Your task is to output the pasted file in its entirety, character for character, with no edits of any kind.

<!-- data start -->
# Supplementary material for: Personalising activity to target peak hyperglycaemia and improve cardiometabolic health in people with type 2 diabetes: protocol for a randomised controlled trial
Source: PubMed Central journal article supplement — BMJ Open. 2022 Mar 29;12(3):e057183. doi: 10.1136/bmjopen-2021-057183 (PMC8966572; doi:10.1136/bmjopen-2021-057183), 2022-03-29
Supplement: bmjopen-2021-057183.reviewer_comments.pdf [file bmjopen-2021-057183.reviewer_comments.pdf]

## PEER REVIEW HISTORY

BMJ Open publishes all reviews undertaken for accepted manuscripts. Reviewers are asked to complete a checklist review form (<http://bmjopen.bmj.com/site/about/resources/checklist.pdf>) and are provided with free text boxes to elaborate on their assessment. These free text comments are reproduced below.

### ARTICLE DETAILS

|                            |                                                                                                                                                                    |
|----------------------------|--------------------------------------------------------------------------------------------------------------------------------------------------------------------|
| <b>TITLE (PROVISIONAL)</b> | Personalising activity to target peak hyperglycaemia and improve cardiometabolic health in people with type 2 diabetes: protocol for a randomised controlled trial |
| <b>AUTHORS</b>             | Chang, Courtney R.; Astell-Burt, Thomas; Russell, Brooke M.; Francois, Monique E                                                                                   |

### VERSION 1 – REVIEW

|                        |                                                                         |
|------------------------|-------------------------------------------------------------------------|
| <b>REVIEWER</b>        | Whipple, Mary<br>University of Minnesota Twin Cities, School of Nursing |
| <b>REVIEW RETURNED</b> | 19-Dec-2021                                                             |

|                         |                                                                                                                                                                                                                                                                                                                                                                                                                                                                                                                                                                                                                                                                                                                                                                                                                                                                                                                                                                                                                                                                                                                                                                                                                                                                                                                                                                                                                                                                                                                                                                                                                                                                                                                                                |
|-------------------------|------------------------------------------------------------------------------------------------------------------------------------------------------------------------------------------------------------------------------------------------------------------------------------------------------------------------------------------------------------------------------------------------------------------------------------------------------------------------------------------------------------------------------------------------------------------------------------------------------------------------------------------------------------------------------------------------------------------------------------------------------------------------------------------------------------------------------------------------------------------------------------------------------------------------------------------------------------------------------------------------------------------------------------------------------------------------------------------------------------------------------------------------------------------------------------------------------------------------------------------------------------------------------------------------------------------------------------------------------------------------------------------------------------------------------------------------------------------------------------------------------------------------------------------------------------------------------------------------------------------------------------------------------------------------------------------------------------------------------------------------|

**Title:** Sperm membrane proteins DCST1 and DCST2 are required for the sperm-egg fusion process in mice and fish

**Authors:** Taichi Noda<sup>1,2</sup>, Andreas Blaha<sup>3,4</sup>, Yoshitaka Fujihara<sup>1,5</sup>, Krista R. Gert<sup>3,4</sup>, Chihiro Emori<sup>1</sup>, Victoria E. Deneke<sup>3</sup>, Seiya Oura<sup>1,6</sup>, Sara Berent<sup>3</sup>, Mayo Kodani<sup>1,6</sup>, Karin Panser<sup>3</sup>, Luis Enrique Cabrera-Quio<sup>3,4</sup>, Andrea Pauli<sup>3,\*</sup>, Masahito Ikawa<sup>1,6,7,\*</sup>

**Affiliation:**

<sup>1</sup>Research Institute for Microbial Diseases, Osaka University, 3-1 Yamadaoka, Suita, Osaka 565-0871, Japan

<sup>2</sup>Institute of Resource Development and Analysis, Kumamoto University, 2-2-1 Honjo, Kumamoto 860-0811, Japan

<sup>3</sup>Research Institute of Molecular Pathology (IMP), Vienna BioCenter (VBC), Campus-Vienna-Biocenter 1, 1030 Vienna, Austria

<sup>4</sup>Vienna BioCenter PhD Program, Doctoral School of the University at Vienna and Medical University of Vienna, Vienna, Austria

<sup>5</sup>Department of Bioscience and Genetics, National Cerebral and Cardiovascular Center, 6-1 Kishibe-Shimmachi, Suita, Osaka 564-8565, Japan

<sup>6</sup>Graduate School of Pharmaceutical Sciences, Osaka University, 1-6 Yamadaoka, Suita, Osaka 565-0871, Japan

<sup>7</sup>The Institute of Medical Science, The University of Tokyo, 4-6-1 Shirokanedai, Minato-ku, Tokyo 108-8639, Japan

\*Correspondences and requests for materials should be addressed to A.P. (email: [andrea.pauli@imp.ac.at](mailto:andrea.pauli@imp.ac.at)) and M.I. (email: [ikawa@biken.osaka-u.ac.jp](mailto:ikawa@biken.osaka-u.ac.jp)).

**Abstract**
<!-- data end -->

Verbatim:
# Supplementary material for: Personalising activity to target peak hyperglycaemia and improve cardiometabolic health in people with type 2 diabetes: protocol for a randomised controlled trial
Source: PubMed Central journal article supplement — BMJ Open. 2022 Mar 29;12(3):e057183. doi: 10.1136/bmjopen-2021-057183 (PMC8966572; doi:10.1136/bmjopen-2021-057183), 2022-03-29
Supplement: bmjopen-2021-057183.reviewer_comments.pdf [file bmjopen-2021-057183.reviewer_comments.pdf]

## PEER REVIEW HISTORY

BMJ Open publishes all reviews undertaken for accepted manuscripts. Reviewers are asked to complete a checklist review form (<http://bmjopen.bmj.com/site/about/resources/checklist.pdf>) and are provided with free text boxes to elaborate on their assessment. These free text comments are reproduced below.

### ARTICLE DETAILS

|                            |                                                                                                                                                                    |
|----------------------------|--------------------------------------------------------------------------------------------------------------------------------------------------------------------|
| <b>TITLE (PROVISIONAL)</b> | Personalising activity to target peak hyperglycaemia and improve cardiometabolic health in people with type 2 diabetes: protocol for a randomised controlled trial |
| <b>AUTHORS</b>             | Chang, Courtney R.; Astell-Burt, Thomas; Russell, Brooke M.; Francois, Monique E                                                                                   |

### VERSION 1 – REVIEW

|                        |                                                                         |
|------------------------|-------------------------------------------------------------------------|
| <b>REVIEWER</b>        | Whipple, Mary<br>University of Minnesota Twin Cities, School of Nursing |
| <b>REVIEW RETURNED</b> | 19-Dec-2021                                                             |

|                         |                                                                                                                                                                                                                                                                                                                                                                                                                                                                                                                                                                                                                                                                                                                                                                                                                                                                                                                                                                                                                                                                                                                                                                                                                                                                                                                                                                                                                                                                                                                                                                                                                                                                                                                                                |
|-------------------------|------------------------------------------------------------------------------------------------------------------------------------------------------------------------------------------------------------------------------------------------------------------------------------------------------------------------------------------------------------------------------------------------------------------------------------------------------------------------------------------------------------------------------------------------------------------------------------------------------------------------------------------------------------------------------------------------------------------------------------------------------------------------------------------------------------------------------------------------------------------------------------------------------------------------------------------------------------------------------------------------------------------------------------------------------------------------------------------------------------------------------------------------------------------------------------------------------------------------------------------------------------------------------------------------------------------------------------------------------------------------------------------------------------------------------------------------------------------------------------------------------------------------------------------------------------------------------------------------------------------------------------------------------------------------------------------------------------------------------------------------|

**Title:** Sperm membrane proteins DCST1 and DCST2 are required for the sperm-egg fusion process in mice and fish

**Authors:** Taichi Noda<sup>1,2</sup>, Andreas Blaha<sup>3,4</sup>, Yoshitaka Fujihara<sup>1,5</sup>, Krista R. Gert<sup>3,4</sup>, Chihiro Emori<sup>1</sup>, Victoria E. Deneke<sup>3</sup>, Seiya Oura<sup>1,6</sup>, Sara Berent<sup>3</sup>, Mayo Kodani<sup>1,6</sup>, Karin Panser<sup>3</sup>, Luis Enrique Cabrera-Quio<sup>3,4</sup>, Andrea Pauli<sup>3,\*</sup>, Masahito Ikawa<sup>1,6,7,\*</sup>

**Affiliation:**

<sup>1</sup>Research Institute for Microbial Diseases, Osaka University, 3-1 Yamadaoka, Suita, Osaka 565-0871, Japan

<sup>2</sup>Institute of Resource Development and Analysis, Kumamoto University, 2-2-1 Honjo, Kumamoto 860-0811, Japan

<sup>3</sup>Research Institute of Molecular Pathology (IMP), Vienna BioCenter (VBC), Campus-Vienna-Biocenter 1, 1030 Vienna, Austria

<sup>4</sup>Vienna BioCenter PhD Program, Doctoral School of the University at Vienna and Medical University of Vienna, Vienna, Austria

<sup>5</sup>Department of Bioscience and Genetics, National Cerebral and Cardiovascular Center, 6-1 Kishibe-Shimmachi, Suita, Osaka 564-8565, Japan

<sup>6</sup>Graduate School of Pharmaceutical Sciences, Osaka University, 1-6 Yamadaoka, Suita, Osaka 565-0871, Japan

<sup>7</sup>The Institute of Medical Science, The University of Tokyo, 4-6-1 Shirokanedai, Minato-ku, Tokyo 108-8639, Japan

\*Correspondences and requests for materials should be addressed to A.P. (email: [andrea.pauli@imp.ac.at](mailto:andrea.pauli@imp.ac.at)) and M.I. (email: [ikawa@biken.osaka-u.ac.jp](mailto:ikawa@biken.osaka-u.ac.jp)).

**Abstract**